Nonviolence

The Evangelical Identity Crisis

Senator Ted Cruz is a guest during a morning service at Christian Life Assembly of God in Des Moines, Iowa on Nov. 29. Photo by Clay Masters, iprimages/Flickr.com

Ted Cruz ended Monday night with a yuuuuge victory over Donald Trump in Iowa. (Sorry, had to do it!) Religion played a big role in Cruz’s victory. The New York Times reports that Cruz’s victory was “powered by a surge of support from evangelical Christians.”

For his part, Cruz reaffirmed his connection with his evangelical supporters by evoking divine favor upon his victory. “God bless the great state of Iowa! Let me first say, to God be the glory.”

But I can’t help but feel uneasy about the God proclaimed by the so-called "evangelical vote." That’s because, when it comes to their evangelical faith, they have an identity crisis.

Let Us Wage Peace

If we see our interests and needs as more important than the interests and needs of others, then we’ll never have peace in our personal lives or in our world. Peace requires a recognition that we’re all equally beloved children of the same loving God.

It involves recognizing that we all matter equally — and then doing some introspection to see if we’re living up to it in our various relationships.

Martin Luther King Isn’t Interested in Your Praise

As the #BlackLivesMatter movement reminds us, the civil rights struggle is far from over. The blood, sweat, and tears of our 20th-century civil rights heroes must be followed up by the clear-eyed resolve of a new generation. Ideally, celebrations like Martin Luther King Day should help to sustain this resolve, energizing us for the hard work ahead.

That being said, I suspect that King would not be too thrilled about MLK Day.

Living 'Selma' in a 'Sniper' World

Edmund Pettus Bridge in Selma, Ala.

Edmund Pettus Bridge in Selma, Ala. James R. Martin / Shutterstock.com

We live in a culture that not only glorifies violence, but often celebrates its use against the “enemy" as the truest form of heroism and bravery. While I won’t get into the debate of whether violence is ever justified to preserve life (a much bigger conversation extending far beyond an 700-word post), I will say I’m deeply troubled by our assumption that violence is the only way to respond to a real or perceived threat.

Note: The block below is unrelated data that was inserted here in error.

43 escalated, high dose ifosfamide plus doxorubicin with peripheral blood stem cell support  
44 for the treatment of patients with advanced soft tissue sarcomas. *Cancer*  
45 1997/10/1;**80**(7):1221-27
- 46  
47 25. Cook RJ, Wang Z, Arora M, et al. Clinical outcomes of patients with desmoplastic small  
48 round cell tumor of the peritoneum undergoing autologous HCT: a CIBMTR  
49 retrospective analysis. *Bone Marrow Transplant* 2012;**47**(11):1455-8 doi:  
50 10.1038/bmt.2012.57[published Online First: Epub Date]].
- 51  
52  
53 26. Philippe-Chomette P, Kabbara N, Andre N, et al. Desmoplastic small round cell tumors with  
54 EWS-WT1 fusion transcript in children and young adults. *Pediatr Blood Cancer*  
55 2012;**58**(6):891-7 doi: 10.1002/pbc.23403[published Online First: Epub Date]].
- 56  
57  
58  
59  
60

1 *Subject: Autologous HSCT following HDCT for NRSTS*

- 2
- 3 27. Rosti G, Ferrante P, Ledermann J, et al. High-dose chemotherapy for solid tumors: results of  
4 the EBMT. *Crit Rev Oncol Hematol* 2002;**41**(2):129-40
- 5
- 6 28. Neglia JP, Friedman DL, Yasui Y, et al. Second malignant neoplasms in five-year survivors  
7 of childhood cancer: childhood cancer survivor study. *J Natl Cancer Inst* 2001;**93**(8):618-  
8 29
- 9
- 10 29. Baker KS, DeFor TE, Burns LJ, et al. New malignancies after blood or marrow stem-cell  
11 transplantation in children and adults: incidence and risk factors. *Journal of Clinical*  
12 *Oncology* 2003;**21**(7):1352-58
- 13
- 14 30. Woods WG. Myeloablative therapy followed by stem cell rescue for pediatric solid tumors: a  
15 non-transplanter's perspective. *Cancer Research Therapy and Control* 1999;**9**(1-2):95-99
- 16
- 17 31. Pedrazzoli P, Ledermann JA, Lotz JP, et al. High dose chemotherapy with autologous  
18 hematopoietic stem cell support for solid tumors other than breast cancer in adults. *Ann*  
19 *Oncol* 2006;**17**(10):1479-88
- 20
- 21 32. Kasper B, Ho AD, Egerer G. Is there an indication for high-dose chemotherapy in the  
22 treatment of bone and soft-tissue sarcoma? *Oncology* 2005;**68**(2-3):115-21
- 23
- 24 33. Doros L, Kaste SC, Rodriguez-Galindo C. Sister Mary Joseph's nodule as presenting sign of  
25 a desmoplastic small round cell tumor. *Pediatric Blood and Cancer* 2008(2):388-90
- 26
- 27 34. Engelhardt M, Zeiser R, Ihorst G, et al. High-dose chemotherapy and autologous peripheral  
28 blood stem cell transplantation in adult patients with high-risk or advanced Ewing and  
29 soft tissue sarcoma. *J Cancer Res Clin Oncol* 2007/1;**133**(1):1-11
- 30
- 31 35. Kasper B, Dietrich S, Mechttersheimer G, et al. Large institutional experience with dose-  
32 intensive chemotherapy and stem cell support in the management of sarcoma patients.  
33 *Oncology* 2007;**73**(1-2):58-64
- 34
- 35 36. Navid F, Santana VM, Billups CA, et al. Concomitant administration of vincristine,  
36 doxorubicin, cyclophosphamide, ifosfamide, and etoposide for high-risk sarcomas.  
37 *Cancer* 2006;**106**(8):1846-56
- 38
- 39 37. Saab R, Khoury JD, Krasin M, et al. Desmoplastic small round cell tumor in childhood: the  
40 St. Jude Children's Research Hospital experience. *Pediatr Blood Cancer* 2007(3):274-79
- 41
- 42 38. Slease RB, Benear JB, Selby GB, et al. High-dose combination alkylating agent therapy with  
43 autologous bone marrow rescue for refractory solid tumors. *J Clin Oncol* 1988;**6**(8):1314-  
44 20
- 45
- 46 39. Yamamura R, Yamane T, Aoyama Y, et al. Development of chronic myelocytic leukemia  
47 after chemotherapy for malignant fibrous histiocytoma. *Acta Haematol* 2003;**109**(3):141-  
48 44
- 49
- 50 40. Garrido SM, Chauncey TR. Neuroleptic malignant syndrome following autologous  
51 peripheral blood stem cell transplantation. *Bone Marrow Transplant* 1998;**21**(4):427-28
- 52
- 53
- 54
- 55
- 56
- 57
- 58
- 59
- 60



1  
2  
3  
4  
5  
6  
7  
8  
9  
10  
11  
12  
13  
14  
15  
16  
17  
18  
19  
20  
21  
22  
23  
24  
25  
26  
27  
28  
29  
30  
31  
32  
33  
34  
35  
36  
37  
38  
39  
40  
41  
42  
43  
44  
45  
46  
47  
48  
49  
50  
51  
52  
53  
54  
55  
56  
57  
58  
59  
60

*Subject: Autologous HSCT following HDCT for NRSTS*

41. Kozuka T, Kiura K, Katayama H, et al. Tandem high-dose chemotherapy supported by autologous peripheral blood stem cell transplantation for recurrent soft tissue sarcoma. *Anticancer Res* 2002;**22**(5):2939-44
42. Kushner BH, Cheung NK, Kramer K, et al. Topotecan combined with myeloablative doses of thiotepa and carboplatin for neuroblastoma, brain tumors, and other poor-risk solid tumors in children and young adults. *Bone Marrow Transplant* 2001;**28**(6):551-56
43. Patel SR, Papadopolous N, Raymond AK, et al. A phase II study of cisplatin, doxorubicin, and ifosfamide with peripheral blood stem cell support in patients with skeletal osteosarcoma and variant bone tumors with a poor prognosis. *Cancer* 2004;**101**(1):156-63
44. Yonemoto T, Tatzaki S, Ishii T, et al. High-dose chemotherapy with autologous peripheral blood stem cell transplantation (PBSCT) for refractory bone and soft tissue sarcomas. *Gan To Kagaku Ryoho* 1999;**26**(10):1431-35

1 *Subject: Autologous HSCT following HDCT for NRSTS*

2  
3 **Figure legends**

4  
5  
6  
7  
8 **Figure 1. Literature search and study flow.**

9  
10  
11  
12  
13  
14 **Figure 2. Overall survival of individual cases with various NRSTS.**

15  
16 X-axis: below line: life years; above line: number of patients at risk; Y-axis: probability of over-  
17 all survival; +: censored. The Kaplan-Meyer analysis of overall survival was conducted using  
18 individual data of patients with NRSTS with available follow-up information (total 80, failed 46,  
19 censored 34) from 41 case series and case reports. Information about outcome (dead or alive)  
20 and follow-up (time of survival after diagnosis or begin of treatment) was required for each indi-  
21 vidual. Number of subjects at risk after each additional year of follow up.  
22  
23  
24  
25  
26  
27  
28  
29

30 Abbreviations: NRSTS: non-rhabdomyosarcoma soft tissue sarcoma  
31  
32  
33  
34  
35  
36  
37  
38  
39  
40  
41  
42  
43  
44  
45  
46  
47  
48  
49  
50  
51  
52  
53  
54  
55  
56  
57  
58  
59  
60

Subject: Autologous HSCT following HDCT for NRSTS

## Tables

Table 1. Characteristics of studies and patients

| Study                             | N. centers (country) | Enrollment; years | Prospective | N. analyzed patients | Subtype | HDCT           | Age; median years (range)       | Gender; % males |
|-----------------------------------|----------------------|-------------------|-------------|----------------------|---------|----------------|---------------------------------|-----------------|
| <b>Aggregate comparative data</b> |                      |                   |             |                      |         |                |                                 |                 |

Why Are We Still Misquoting Faith Leaders to Justify War?

Image via  / Shutterstock.com

I wonder if Pope Francis knows that he’s being used to justify bombing Syria.

After an all-day debate on Dec. 2, the House of Commons authorized the British government to begin bombing ISIS in Syria. Hours later, RAF Tornadoes attacked an oil field in eastern Syria.

During the debate, Caroline Spelman, the member of parliament who represents the Church of England in the Commons, noted that, “The Archbishop of Canterbury made it clear that, in his view, force might be necessary to keep the refugees safe.”

Then, citing Pope Francis, she said, “‘Where aggression is unjust, aggression is licit against the aggressor.’ These are views which I share, which is why I will support the motion.”

Myanmar's Test: Aung San Suu Kyi and the Test of Peaceful Transition

Image via /Shutterstock.com

The Nobel laureate and human rights advocate Aung San Suu Kyi entered the Myanmar Parliament this week, shortly after her party, the National League for Democracy, won the country's first free election in 25 years.

In those 25 years — since the 1990 election, which the NLD also won — Aung San Suu Kyi spent a total of 15 years without her freedom, having been placed under house arrest by the ruling military government which ignored the election results.

Since 1988, Ms. Suu Kyi has led nonviolent opposition to the military government. Last week’s landslide election results, which took the ruling generals by surprise, demonstrate once again that nonviolence is a force more powerful than violence.

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